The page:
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Anne F.

A beautiful and passionate post--especially today when so many of us are hopeful about new changes in marriage equality.

But I wonder if there isn't another way. Dante isn't my writer, but I teach plenty of texts that offend me and from which I wish to protect my students. I sometimes give prophylactic mini-lectures, but that doesn't feel right either.

Candace Barrington

Wow. You point out a problem many of us face when teaching literature from the medieval (or other) past. These texts abound with negative images that could dismay just about any student, especially women and non-Christians. Not teaching those texts doesn't seem to be the answer. It would be interesting to learn how others deal with these situations.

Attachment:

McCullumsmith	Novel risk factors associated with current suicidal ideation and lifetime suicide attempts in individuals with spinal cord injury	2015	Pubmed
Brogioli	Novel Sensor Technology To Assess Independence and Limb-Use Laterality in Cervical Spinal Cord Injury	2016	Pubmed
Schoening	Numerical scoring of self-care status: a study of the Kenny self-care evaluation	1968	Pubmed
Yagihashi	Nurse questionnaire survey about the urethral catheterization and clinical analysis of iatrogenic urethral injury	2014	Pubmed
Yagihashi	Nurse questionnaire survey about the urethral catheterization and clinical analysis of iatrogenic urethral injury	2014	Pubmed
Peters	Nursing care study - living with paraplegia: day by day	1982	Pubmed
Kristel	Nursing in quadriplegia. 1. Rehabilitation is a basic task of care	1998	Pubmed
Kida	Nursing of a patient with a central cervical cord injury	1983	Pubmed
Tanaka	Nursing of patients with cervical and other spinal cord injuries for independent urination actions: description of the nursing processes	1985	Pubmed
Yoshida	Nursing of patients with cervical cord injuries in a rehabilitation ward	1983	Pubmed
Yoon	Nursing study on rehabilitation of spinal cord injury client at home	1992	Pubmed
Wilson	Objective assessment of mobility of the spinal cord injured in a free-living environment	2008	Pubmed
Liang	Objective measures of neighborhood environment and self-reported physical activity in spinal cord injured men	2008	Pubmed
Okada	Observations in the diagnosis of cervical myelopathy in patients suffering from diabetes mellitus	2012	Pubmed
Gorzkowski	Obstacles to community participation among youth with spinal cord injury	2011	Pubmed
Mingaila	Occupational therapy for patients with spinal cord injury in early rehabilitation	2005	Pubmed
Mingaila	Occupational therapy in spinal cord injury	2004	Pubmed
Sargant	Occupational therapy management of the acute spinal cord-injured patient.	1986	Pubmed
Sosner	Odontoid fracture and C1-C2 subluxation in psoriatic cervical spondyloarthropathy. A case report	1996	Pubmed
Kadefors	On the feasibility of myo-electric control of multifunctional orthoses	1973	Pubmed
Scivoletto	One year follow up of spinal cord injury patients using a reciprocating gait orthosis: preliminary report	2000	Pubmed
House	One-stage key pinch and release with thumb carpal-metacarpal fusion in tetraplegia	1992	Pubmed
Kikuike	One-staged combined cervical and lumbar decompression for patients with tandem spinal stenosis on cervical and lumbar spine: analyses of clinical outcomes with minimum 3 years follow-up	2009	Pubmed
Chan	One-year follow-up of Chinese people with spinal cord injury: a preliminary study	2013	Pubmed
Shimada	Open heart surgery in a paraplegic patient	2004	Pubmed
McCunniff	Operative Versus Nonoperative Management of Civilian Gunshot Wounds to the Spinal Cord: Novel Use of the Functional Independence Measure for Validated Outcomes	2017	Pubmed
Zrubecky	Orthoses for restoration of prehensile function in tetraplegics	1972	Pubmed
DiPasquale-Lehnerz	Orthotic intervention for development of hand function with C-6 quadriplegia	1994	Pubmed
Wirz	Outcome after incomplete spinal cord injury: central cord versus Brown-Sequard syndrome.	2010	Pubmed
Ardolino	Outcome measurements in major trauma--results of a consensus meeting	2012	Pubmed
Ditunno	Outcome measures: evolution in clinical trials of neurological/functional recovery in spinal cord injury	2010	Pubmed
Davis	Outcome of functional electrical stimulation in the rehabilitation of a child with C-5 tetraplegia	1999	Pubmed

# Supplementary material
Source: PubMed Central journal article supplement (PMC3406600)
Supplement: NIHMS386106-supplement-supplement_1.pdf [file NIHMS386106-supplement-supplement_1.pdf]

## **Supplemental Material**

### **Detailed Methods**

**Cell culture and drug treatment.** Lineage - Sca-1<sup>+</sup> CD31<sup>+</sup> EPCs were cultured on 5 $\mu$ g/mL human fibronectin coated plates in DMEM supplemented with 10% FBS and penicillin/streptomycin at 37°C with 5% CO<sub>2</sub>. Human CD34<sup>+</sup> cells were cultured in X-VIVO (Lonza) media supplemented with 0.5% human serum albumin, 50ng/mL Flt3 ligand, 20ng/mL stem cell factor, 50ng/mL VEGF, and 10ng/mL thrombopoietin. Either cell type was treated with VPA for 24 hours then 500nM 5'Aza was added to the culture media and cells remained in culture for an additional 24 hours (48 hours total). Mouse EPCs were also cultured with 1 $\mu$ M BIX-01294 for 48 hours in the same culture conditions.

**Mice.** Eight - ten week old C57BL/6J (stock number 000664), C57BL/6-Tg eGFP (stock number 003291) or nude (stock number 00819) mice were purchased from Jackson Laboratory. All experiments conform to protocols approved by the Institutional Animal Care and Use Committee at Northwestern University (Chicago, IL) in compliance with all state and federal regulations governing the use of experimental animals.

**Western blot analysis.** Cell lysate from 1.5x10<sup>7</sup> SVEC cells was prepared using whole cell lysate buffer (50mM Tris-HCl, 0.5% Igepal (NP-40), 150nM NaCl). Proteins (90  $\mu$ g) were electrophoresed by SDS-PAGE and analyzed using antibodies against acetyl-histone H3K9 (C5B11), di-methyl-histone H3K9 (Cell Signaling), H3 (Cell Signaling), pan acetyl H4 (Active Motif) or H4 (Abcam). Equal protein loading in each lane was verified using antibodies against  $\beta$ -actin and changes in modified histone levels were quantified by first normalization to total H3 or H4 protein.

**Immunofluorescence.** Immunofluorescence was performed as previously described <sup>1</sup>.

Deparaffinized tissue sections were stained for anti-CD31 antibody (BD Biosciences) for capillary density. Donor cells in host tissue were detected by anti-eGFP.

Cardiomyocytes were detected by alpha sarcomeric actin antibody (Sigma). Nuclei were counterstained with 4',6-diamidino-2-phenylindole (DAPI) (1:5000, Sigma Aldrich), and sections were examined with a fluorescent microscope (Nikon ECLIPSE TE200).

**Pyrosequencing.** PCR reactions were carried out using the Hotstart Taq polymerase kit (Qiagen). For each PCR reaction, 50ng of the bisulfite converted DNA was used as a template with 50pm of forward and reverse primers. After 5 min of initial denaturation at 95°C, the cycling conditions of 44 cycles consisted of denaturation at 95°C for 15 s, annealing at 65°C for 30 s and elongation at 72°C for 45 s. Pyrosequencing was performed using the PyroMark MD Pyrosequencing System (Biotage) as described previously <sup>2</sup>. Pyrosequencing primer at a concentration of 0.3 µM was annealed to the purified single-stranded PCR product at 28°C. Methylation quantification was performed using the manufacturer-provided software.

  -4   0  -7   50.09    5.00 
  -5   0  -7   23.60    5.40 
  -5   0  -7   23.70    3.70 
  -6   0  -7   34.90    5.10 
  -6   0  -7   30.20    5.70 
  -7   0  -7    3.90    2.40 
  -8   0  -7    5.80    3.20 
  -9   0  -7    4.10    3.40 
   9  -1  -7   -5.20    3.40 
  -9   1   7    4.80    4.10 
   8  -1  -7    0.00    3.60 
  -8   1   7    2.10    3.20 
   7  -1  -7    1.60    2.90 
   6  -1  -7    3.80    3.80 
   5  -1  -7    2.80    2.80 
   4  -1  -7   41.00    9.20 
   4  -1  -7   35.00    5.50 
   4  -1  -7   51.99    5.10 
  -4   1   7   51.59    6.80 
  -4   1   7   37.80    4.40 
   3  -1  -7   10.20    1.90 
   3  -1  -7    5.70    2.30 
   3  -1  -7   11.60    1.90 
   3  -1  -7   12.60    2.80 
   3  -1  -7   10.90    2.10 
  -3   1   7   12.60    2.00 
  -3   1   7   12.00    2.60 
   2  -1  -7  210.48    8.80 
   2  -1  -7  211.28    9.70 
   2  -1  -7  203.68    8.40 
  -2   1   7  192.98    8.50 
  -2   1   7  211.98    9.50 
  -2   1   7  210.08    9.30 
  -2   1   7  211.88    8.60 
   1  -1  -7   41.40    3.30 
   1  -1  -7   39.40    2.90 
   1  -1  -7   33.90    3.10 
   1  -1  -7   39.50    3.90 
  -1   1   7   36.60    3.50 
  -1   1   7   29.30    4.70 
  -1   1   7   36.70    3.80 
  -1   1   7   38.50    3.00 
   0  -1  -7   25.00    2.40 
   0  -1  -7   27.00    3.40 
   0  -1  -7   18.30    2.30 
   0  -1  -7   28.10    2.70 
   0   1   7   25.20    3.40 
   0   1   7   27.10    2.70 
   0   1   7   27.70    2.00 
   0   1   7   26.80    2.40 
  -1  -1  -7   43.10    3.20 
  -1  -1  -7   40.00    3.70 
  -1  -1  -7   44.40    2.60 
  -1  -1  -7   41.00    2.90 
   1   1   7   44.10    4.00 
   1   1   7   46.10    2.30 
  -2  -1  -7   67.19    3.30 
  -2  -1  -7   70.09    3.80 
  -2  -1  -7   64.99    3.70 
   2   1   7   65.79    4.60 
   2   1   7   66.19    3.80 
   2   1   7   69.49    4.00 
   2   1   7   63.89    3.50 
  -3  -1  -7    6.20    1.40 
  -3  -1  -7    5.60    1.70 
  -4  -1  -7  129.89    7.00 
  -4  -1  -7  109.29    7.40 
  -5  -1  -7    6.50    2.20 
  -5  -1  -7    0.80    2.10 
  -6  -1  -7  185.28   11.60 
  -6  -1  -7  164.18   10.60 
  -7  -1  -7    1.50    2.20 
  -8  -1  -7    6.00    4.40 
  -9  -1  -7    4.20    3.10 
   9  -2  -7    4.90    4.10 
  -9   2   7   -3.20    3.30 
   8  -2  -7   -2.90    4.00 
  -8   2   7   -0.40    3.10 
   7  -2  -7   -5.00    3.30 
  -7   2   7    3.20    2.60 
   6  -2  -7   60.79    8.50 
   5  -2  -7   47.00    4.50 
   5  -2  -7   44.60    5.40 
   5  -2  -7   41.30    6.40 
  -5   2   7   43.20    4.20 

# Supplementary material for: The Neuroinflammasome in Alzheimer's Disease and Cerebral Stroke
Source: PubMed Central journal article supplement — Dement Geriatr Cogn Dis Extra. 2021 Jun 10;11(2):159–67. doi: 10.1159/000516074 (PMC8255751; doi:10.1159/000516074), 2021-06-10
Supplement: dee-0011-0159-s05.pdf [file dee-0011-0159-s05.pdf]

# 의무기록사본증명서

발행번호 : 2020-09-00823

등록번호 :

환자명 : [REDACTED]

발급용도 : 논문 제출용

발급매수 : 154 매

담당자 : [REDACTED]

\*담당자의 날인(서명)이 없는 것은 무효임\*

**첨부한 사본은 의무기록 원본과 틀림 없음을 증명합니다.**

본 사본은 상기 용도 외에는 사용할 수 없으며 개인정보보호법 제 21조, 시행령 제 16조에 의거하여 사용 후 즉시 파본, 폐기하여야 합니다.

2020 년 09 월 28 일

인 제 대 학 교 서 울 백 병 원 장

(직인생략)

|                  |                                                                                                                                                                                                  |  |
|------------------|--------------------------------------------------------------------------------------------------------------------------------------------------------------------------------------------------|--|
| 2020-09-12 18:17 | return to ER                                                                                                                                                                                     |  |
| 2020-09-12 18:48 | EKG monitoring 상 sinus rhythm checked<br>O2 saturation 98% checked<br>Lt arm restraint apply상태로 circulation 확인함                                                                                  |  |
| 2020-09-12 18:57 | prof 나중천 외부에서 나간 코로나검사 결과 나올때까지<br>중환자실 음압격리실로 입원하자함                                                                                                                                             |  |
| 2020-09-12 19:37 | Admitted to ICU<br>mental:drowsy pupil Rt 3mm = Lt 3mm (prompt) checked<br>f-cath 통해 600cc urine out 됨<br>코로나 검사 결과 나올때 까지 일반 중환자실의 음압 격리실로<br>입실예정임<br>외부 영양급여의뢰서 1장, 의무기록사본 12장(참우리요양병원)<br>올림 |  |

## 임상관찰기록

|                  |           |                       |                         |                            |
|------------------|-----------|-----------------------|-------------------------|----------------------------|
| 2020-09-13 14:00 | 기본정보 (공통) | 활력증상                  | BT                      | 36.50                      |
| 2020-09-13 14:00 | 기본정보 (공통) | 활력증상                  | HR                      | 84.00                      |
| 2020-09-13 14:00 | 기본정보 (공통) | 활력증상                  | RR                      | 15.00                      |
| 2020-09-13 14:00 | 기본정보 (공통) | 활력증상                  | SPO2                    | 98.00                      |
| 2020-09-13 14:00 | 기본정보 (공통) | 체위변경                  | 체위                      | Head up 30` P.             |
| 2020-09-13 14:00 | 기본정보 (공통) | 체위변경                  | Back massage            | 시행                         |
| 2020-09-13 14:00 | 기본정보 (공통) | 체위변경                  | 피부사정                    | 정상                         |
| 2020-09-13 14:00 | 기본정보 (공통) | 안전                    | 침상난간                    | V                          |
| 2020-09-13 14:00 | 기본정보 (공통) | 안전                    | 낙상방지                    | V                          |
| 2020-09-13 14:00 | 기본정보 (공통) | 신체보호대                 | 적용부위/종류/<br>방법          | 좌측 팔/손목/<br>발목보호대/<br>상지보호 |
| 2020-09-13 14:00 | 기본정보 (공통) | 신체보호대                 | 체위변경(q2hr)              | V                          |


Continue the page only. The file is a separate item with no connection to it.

Although I do agree with Erick's point on the homophofic aspect of certain passages in the book, I strongly disagree in the radical view of erasing the text, so to speak, from classrooms. In that case, should we teach only Whitman due to his political correctness and not Yeats or Pound due to their political allegiances?

For example, denying the pleasure of the terza rima to students (or its translation in any case) would certainly hamper their views not just in the prosody of the rich verancular Italian of Dante, but of the richer scope of influence this particular rhyme stanza has had in the upcoming centuries. This type of procedures, I think, are in the borderline of the censorship: should we, as teachers, deny or select the politically correct texts in order to keep everyone happy? I think one of the solutions is for the students to grasp the downsides and discuss, with their teachers, of the use of this type of comments by Dante. I think it should prove a far more richer discussion than just simply erasing it from the courses.

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